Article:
COUNTDOWN TO TOTALITY*
COUNTDOWN TO TOTALITY*
The next Australian Solar Eclipse occurs on 22 July 2028
A total solar eclipse will occur right across Australia on 22 July 2028. This is the second in a series of five total solar eclipses in Australia between 2023 and 2028. (The first was on 20 April 2023).
* The countdown timer above is set for 22 July 2028
The path of the total eclipse on the Australian mainland will cross the Kimberley region of Western Australia then continue on across the Northern Territory, south-west Queensland and into New South Wales passing directly over Sydney.
This rare and spectacular phenomenon is probably the most awe inspiring event in the natural world.
Total Solar Eclipse Sequence
The process of the moon moving across the face of the Sun takes up to about three hours, but the time of totality when the Sun is completely obscured by the moon will last for up to a little over 5 minutes in the Kimberley area to up to 3 minutes and 45 seconds in the Sydney area (exact times depend on your location).
Observers at the 2028 Total eclipse can expect to see the Sun’s bright disc slowly being covered by the silhouette of the moon to produce a diminishing solar crescent.
Just as the last of the Sun disappears behind the moon, two interesting optical phenomenon will occur, known as Baily’s Beads and the Diamond Ring Effect. This is when the final rays of sunlight pass between the rugged lunar topography.
See HERE for what to expect during a total eclipse.
Check the interactive map below to see the path and timing of the total eclipse across Australia.
At the same time the whole of Australia will experience a partial solar eclipse – a solar eclipse seen from within the Moon’s penumbra, where the Moon appears to block part (but not all) of the Sun’s surface (the photosphere).
During a partial eclipse there is some reduction in brightness due to the Moon covering the Sun’s disc. However this is usually not noticeable unless the reduction is large.
The interactive map below will show you the times of the partial eclipse and how much of the Sun’s disc will be blocked at any location.
Do not look at a partial eclipse or the partial phases of a total eclipse – use eclipse glasses or a projection method, as described HERE.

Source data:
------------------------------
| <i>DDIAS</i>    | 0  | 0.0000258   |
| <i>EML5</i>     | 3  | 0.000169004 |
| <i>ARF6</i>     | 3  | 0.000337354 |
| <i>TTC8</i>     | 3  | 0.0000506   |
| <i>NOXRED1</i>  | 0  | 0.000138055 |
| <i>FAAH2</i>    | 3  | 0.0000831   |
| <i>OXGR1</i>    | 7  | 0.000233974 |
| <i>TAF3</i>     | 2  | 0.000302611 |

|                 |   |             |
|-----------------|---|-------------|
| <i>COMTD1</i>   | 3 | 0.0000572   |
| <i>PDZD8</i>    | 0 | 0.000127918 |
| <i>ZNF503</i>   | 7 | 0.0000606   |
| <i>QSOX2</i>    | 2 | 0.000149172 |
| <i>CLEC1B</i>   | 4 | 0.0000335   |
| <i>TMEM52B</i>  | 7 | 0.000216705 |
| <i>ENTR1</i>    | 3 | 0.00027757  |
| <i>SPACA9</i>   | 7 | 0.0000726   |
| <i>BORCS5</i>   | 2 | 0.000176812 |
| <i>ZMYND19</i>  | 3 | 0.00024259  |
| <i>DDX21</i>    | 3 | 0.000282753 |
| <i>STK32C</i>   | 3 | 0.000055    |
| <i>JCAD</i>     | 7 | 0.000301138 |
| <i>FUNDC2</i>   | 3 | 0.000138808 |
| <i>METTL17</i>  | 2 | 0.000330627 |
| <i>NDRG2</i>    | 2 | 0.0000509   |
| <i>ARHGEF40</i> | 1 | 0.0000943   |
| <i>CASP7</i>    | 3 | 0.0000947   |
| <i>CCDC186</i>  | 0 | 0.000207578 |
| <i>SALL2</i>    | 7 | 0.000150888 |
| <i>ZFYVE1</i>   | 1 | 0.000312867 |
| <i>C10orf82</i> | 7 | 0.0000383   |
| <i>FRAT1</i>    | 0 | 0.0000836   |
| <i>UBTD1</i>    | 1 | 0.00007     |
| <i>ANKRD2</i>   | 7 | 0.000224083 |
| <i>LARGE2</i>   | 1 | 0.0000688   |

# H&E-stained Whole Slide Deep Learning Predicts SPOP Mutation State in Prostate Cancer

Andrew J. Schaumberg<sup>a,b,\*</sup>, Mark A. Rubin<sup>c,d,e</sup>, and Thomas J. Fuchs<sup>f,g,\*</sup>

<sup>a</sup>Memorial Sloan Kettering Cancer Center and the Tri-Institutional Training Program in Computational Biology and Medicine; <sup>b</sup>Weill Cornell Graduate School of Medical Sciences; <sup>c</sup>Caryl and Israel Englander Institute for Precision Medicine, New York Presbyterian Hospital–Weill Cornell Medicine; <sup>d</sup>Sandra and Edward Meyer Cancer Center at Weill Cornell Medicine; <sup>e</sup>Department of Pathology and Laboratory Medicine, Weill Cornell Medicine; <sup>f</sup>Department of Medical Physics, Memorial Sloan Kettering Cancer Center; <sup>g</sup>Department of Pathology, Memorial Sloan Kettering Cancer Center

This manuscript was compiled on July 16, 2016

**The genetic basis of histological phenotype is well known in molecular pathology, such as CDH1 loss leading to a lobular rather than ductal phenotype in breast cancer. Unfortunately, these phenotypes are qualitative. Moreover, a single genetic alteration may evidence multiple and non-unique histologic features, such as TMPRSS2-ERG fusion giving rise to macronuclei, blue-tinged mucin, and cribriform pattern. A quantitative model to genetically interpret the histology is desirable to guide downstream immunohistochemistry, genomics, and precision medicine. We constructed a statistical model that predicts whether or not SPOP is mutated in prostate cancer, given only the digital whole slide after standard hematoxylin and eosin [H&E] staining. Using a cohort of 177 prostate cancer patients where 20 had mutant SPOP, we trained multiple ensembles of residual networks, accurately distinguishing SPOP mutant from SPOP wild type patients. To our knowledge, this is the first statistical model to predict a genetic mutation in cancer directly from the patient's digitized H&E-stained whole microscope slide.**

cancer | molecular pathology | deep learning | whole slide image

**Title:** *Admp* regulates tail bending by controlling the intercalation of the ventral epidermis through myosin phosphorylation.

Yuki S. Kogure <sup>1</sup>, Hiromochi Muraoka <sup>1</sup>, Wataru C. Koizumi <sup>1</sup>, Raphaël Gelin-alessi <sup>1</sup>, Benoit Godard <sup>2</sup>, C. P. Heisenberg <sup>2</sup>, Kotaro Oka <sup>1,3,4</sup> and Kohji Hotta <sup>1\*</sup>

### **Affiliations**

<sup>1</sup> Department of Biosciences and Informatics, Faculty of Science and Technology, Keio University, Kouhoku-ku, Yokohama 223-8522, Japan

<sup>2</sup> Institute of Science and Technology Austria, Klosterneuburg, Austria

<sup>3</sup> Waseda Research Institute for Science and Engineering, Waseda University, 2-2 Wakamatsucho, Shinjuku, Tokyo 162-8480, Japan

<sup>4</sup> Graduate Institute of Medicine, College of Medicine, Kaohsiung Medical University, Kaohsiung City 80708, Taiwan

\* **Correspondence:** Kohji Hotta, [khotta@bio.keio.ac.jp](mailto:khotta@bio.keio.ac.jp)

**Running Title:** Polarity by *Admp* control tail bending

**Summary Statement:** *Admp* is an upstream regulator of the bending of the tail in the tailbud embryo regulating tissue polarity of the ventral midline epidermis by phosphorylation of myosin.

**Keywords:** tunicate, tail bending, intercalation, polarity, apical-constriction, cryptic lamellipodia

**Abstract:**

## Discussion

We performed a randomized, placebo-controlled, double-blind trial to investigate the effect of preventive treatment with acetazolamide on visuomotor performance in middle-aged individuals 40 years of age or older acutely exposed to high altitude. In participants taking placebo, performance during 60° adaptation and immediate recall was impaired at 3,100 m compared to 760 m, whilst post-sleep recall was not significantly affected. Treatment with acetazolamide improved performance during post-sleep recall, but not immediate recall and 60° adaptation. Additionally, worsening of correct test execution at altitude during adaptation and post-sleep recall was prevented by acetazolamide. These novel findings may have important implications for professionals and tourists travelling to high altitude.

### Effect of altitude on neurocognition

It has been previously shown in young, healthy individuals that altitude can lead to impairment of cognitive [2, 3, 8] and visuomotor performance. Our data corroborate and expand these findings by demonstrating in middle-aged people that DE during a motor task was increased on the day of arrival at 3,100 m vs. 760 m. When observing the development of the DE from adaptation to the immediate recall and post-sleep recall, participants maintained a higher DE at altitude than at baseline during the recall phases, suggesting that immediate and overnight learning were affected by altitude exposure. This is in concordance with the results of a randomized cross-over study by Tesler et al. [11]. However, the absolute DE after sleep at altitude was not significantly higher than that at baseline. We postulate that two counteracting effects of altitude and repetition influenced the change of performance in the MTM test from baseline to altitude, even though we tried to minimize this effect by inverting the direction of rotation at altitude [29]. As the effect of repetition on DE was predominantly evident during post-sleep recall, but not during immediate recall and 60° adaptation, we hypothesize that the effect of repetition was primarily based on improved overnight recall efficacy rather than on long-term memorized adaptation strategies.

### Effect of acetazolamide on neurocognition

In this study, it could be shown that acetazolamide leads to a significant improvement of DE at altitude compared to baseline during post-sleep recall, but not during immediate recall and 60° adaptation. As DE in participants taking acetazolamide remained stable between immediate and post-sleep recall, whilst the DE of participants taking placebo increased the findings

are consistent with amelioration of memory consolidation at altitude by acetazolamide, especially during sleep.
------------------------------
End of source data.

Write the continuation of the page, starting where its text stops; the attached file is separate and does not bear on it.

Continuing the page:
See HERE for what to experience during a partial eclipse.
Where To View The Australian Solar Eclipse 2028
The shadow of the moon will cross the Australian continent from northern Western Australia right through to Sydney. There are many places along the path of totality from which to view the total eclipse.
For more details see HERE.
Use the interactive map of the 2028 eclipse below to see the path and timing of the total eclipse across Australia. Zoom in and click on any location in the path of totality to show a pop up box with the time and duration of the total eclipse as well as the times of the start and end of the partial phases. Note that the times are in Universal Time, but that can be changed to local time by clicking on the clock icon on the left hand side of the screen. For locations outside the path of totality the pop up box will show the timing of the start and end of the partial eclipse and maximum coverage of the Sun. (The magnitude figure is the maximum coverage of the diameter of the Sun).
Path of Totality – Google Earth/Xavier Jubier
The Solar Eclipse Experience
After months of waiting, the eclipse is here. But now things are happening quickly! What should I expect? What should I be looking for? Here we take you through the whole event, step by step.
A Solar Eclipse Occurs
How to View an Eclipse Safely
Looking directly at the Sun can cause permanent eye damage and even blindness. The reduced light during a partial eclipse can tempt us to take a peek. But this is dangerous. Here we tell you how you can safely view an eclipse and maximise the experience.